Boston Red Sox: We had the Red Sox system ranked 16th coming into the season, and thanks to strong first-half performances from Xander Bogaerts, Garin Cecchini, Allen Webster, and Henry Owens, the org would easily slide into the top 10 farms in the game. Factor in other talents like Blake Swihart and first-rounder Trey Ball, and the Red Sox farm has the depth and impact potential to not only remain in the top 10, but climb into the top tier if the talent develops.

Oakland Athletics: I wasn’t a big fan of their system coming into the season, despite some impact potential in the top tier and a very nice talent haul in the 2012 draft. Fast-forward a few months, and the opinion has changed. Addison Russell continues to flash the potential of a special player, Sonny Gray has returned to form and status, and Renato Nunez has been impressive at the plate in his full-season debut. Add to the mix another healthy draft, and the A’s are a farm on the rise.

Five Farms on the Fall

Texas Rangers: We ranked the Rangers’ farm no. 2 coming into the season thanks to six players in the BP 101 and some of the best lower-level depth in the minors. Major-league promotion has removed the game’s top prospect (Jurickson Profar) from consideration, and the high-ceiling depth found in Hickory has been hit and miss (literally). The talent is still there, especially with prospects found on the aforementioned Hickory roster (Jorge Alfaro, Lewis Brinson ,Nick Williams, Joey Gallo, Nomar Mazara, Ronald Guzman), but the Rangers farm will have only one representative in the midseason top 50 (Martin Perez), and he should be back up at the major league level any day now. Not to fear: the Rangers have the talent to remain in the top 10 in the game, and perhaps rank even higher depending on the rate of development of that stacked Low-A lineup.

Baltimore Orioles: With questions about Bundy’s health, the big one-two punch that helped elevate the system to no. 20 coming into the year is more of a solo show. The Orioles aren’t without talent, but the depth isn’t overly impressive, and if you remove Kevin Gausman from the equation, the queue of prospects with major-league-impact potential is very thin.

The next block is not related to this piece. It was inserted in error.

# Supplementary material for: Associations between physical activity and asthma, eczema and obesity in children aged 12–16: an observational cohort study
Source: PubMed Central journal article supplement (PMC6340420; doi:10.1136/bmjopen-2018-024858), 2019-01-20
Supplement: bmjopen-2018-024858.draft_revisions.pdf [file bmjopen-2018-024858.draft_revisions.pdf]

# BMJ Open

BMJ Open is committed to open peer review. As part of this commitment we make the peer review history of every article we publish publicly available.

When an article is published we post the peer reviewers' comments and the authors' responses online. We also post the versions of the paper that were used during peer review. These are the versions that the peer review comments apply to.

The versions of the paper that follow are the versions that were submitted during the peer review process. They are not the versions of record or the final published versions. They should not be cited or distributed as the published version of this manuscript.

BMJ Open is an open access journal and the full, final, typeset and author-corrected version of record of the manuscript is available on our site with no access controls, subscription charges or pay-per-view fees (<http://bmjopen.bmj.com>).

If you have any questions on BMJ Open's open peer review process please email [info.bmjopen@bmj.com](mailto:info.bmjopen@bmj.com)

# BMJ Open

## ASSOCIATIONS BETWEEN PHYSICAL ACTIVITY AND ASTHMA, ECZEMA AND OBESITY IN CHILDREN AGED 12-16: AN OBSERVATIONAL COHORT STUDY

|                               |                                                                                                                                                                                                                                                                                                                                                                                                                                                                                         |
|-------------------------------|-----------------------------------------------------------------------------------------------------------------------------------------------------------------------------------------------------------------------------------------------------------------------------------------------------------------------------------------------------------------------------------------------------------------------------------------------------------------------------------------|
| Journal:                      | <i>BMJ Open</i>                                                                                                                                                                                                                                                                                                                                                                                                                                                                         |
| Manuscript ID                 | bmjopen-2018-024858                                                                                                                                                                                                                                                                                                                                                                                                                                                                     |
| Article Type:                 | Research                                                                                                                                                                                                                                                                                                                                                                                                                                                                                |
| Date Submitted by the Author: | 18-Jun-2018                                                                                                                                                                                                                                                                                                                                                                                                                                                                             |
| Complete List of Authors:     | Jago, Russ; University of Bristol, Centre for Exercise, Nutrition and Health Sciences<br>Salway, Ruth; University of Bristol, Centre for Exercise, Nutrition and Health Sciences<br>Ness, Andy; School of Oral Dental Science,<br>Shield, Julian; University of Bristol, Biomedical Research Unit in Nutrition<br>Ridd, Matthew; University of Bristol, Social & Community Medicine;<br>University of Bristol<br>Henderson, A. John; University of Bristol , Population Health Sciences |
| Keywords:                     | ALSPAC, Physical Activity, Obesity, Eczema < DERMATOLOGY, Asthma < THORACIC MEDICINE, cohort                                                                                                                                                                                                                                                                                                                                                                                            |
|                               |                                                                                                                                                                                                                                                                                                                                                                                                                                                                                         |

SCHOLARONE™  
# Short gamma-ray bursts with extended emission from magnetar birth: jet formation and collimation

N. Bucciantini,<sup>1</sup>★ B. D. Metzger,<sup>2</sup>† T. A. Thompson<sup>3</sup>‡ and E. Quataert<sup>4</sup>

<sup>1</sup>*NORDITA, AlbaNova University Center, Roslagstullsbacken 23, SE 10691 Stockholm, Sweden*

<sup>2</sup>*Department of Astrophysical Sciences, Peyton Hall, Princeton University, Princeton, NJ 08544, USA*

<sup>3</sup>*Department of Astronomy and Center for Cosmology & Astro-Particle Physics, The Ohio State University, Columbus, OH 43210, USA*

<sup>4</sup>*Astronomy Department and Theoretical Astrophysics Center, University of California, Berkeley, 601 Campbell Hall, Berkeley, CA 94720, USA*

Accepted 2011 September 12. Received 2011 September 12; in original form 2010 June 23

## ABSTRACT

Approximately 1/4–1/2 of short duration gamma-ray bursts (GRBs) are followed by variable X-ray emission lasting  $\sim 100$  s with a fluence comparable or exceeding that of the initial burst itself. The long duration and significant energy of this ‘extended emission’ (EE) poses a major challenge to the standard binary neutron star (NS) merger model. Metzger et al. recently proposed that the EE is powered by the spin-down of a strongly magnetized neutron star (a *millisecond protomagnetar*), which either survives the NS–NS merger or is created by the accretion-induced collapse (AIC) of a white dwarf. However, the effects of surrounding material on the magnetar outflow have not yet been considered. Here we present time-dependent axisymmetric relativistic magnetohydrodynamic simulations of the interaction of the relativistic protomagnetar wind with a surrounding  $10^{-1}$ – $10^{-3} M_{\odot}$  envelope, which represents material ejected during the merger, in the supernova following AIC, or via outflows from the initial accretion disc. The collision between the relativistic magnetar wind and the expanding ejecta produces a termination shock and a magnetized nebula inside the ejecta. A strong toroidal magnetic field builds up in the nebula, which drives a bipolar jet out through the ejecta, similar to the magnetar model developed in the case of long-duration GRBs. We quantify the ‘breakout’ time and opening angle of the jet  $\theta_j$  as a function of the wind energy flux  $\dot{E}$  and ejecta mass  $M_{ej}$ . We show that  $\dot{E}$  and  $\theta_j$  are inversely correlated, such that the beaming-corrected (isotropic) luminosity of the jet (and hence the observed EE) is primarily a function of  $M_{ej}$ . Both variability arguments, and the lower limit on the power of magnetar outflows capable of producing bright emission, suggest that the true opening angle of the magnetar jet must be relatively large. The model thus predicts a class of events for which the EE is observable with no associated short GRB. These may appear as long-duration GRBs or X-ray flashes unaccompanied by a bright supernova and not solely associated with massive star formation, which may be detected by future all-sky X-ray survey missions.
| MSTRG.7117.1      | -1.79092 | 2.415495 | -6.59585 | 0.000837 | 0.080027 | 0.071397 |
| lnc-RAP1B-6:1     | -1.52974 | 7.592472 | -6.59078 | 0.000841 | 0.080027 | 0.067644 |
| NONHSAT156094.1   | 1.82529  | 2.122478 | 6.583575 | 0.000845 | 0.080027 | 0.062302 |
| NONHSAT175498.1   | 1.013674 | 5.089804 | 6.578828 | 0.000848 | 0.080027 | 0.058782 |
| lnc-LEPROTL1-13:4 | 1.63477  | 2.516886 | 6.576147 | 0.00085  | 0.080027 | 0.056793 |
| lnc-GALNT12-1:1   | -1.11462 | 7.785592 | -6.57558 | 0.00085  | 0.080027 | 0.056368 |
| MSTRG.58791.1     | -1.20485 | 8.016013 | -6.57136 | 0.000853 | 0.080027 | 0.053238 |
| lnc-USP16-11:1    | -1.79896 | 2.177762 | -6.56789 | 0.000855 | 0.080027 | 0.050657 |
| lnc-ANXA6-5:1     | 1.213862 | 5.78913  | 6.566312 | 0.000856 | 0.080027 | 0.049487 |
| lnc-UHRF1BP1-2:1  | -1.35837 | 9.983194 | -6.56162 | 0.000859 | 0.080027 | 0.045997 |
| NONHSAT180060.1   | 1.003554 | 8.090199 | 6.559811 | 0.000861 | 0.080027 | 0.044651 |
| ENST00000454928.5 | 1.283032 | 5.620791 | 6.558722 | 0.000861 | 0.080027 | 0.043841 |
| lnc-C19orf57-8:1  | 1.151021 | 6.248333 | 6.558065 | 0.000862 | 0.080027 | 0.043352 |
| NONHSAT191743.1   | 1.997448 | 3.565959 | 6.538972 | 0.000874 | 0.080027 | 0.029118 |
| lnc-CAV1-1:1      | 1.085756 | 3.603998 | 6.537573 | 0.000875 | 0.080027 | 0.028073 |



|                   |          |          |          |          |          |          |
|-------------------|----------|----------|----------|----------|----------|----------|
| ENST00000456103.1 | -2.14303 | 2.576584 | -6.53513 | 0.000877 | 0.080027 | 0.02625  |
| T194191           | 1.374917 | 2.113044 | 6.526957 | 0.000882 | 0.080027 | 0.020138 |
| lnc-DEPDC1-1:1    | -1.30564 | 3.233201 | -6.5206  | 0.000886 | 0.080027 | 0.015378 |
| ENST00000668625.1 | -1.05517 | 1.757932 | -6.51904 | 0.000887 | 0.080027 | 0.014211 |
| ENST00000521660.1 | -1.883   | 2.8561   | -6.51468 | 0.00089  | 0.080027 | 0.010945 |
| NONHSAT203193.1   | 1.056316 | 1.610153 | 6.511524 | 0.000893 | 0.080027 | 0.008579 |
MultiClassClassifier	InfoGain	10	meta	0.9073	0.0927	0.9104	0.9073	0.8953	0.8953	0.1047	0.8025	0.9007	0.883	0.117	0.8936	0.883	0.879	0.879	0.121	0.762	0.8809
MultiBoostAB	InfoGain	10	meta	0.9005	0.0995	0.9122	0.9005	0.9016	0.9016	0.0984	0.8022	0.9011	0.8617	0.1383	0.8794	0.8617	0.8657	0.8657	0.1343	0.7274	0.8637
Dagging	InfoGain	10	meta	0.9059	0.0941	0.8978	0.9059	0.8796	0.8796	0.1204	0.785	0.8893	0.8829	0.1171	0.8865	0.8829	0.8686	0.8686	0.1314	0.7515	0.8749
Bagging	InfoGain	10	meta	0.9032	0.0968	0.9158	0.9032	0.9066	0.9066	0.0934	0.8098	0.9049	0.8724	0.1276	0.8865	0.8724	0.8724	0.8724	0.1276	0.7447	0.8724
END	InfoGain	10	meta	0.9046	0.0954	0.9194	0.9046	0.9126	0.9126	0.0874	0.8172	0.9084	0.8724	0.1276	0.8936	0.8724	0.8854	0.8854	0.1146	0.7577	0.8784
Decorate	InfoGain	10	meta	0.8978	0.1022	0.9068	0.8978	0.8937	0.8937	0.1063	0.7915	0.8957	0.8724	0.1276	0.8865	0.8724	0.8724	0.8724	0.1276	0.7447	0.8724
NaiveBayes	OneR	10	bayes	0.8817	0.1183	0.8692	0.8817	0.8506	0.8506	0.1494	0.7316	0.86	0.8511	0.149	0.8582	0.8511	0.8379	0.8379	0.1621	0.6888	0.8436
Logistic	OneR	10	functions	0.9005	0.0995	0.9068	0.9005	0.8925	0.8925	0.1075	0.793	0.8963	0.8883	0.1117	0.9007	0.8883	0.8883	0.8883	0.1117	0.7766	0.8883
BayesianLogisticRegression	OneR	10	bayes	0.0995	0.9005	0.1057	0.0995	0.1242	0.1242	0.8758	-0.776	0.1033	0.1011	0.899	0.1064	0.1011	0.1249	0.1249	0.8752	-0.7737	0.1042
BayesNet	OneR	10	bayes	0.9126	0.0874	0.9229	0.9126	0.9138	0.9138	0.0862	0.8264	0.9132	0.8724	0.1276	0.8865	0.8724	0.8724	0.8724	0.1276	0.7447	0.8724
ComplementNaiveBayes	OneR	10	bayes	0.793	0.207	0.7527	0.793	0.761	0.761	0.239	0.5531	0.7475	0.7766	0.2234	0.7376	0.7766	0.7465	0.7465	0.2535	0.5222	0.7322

Washington Nationals: They weren’t a very good system coming into the season, and thanks to the promotion of Anthony Rendon and Nate Karns, the farm is pretty bare. I still like A.J. Cole, and Lucas Giolito (when healthy) could develop into a monster. But the depth is woefully thin, and when a top 101 prospect like Brian Goodwin fails to take a step forward, the system as a whole takes a step back.

Seattle Mariners: This is still a good system and they have the talent to stay in the discussion for the top 10 in the game, but several factors have hurt their stock, like losing Nick Franklin and Mike Zunino to the majors, mixed reviews on former no. 2 pick in the draft Danny Hultzen, and the inconsistencies of James Paxton. They still have a lot of talent at the lower levels of the minors, and the addition of D.J. Peterson in the draft only adds to the depth, but until that talent steps forward on the field, the system as a whole is down in the rankings.

Tampa Bay Rays: Like the Mariners, this is still a very healthy system. I loved the selection of catcher Nick Ciuffo in the draft, and rising arm Taylor Guerrieri will be a featured player on the upcoming top 50 list. But with Wil Myers and Chris Archer now in the majors, Top 101 prospect Hak-Ju Lee out with a knee injury, and unremarkable first-half production from bats like Drew Vettleson and Richie Shaffer, the system as a whole isn’t as strong as it was a few months ago, at least on paper.

Five Statistical Oddities, Curiosities, and Peculiarities, by Jason Cole

Kevin Quackenbush, RHP, Padres (Triple-A Tucson)

0.27 ERA in 33 innings